In another aspect, the invention relates to an electrical connector that has a plurality of regions. Each region has insulative material; a plurality of signal conductors, each signal conductor having a contact tail and a contact portion and an intermediate portion there between, and at least a part of the intermediate portion of each of the signal conductors secured in the insulative material; a plurality of shield members, each shield member having an intermediate portion adjacent an intermediate portion of a signal conductor; and electrically lossy material positioned adjacent the intermediate portion of the each of the shield members.
In yet another aspect, the invention relates to an electronic system with a plurality of printed circuit boards, each printed circuit board having a plurality of ground structures and a plurality of signal traces. Electrical connectors are mounted to the plurality of printed circuit boards. Each connector has a first plurality of conducting members, each connected to a ground structure in at least one of the plurality of printed circuit boards; a second plurality of conducting members, each connected to at least one of the plurality of signal traces in at least one of the plurality of printed circuit boards, the second plurality of conducting members being positioned in groups with at least two conducting members of the first plurality of conducting members positioned adjacent conducting members of the second plurality of conducting members in each group; and a plurality of partially conductive members, each connecting the at least two conducting members of the first plurality of conducting members positioned adjacent conducting members of the second plurality of conducting members in a group.
The accompanying drawings are not intended to be drawn to scale. In the drawings, each identical or nearly identical component that is illustrated in various figures is represented by a like numeral. For purposes of clarity, not every component may be labeled in every drawing. In the drawings:
This invention is not limited in its application to the details of construction and the arrangement of components set forth in the following description or illustrated in the drawings. The invention is capable of other embodiments and of being practiced or of being carried out in various ways. Also, the phraseology and terminology used herein is for the purpose of description and should not be regarded as limiting. The use of “including,” “comprising,” or “having,” “containing,” “involving,” and variations thereof herein, is meant to encompass the items listed thereafter and equivalents thereof as well as additional items.
The second electrical connector 200 may be as described in the above referenced U.S. Pat. No. 6,776,659.
The first electrical connector 100, which is shown in greater detail in
The first electrical connector 100 is also shown having alignment modules 102 on either end, with each alignment module 102 having an opening 104 (
Each signal conductor 124 has contact end 130 connectable to a printed circuit board, a contact end 132 connectable to the second electrical connector 200, and an intermediate portion 131 there between. Each shield strip 126 (
In the embodiment of the invention illustrated in
Still referring to
Housing portion 170 may be formed in whole or in part by injection molding of material around shield strips 126. To facilitate the injection molding process, the shield strips 126 are preferably held together on two lead frames 172, 174, as shown in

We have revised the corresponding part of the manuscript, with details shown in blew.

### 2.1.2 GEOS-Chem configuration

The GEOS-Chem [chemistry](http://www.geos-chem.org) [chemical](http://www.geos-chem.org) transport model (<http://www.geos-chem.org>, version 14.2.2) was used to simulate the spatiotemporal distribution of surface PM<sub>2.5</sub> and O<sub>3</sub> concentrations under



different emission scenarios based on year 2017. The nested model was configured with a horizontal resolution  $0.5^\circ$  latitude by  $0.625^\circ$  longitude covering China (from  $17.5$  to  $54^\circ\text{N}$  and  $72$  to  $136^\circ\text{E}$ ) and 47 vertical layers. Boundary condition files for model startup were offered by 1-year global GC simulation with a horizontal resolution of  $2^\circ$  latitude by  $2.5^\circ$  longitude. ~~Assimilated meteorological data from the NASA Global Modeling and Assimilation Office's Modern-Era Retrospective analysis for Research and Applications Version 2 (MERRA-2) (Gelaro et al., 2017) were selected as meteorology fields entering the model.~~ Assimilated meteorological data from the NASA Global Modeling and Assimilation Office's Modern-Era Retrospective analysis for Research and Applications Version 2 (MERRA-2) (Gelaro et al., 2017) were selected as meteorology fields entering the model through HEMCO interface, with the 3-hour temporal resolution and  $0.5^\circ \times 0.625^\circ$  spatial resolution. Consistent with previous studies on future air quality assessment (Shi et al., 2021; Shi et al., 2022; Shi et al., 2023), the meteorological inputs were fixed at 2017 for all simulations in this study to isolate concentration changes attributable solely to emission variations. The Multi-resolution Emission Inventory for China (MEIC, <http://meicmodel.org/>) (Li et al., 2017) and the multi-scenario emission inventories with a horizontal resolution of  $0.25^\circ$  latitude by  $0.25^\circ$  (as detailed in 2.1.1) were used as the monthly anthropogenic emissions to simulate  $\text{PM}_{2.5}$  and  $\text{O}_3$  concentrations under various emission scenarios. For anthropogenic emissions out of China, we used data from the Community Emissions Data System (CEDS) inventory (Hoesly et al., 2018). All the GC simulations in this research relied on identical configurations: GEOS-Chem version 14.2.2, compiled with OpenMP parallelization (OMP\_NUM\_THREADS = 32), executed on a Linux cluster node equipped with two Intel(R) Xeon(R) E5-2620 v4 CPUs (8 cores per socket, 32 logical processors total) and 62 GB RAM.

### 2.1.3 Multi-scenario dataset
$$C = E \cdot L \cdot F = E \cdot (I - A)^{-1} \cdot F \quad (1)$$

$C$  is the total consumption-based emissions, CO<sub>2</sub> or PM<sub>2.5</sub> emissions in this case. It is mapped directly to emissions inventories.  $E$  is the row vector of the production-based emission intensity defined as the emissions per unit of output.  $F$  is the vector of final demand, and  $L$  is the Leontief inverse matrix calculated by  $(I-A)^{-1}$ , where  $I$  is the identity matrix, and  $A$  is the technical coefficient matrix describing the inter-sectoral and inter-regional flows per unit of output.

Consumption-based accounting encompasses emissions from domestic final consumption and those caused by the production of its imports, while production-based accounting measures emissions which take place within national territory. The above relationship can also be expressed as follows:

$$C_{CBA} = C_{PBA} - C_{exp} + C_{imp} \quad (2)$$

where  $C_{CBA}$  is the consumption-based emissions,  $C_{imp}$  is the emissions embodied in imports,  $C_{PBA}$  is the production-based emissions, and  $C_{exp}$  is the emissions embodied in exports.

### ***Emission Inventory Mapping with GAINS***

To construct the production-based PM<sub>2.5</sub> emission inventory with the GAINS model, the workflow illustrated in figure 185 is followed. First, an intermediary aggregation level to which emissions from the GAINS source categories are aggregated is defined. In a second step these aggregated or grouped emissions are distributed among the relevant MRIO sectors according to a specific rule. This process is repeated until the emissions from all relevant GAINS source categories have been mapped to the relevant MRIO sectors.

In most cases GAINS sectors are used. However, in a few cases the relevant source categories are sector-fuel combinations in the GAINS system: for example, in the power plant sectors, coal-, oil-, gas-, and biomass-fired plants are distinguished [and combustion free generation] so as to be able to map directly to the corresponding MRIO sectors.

The lead frame 172 includes tie bars 175 that connect to the second contact ends 142 of its respective shield strips 126 and tie bars 176 that connect to the first contact ends 140 of the shield strips 126. The lead frame 174 includes tie bars 177 that connect to the second contact ends 142 of its respective shield strips 126 and tie bars 178 that connect to the first contact ends 140 of the shield strips 126. These tie bars 175-178 are cut during subsequent manufacturing processes.
The first insulative housing portion 160 may include attachment features (not shown) and the second housing portion 170 may include attachment features (not shown) that correspond to the attachment features of the first insulative housing portion 160 for attachment thereto. Such attachment features may include protrusions and corresponding receiving openings. Other suitable attachment features may also be utilized.
A first insulative housing portion 160 and the second housing portion 170 may be attached to form a wafer 120. As shown in
The first electrical connector 100 may also be configured to carry differential pairs of signals. In this configuration, the signal conductors may be organized in pairs. The surface 141 s of each shield strip is preferably wider than the width of a pair to provide sufficient shielding to the pair.
In the illustrated embodiment, housing portion 170 is made of two types of materials. Housing portion 170 is shown to contain a layer 910 and a layer 912. Both layers 910 and 912 may be made of a thermoplastic or other suitable binder material such that they may be molded around shield strips 126 to form the housing 170. Either or both of layers 910 and 912 may contain particles to provide layers 910 and 912 with desirable electromagnetic properties.
In the example of
Materials that conduct, but with some loss, over the frequency range of interest are referred to herein generally as “electrically lossy” materials. Electrically lossy materials can be formed from lossy dielectric and/or lossy conductive materials. The frequency range of interest depends on the operating parameters of the system in which such a connector is used, but will generally be between about 1 GHz and 25 GHz, though higher frequencies or lower frequencies may be of interest in some applications. Some connector designs may have frequency ranges of interest that span only a portion of this range, such as 1 to 10 GHz or 3 to 15 GHz.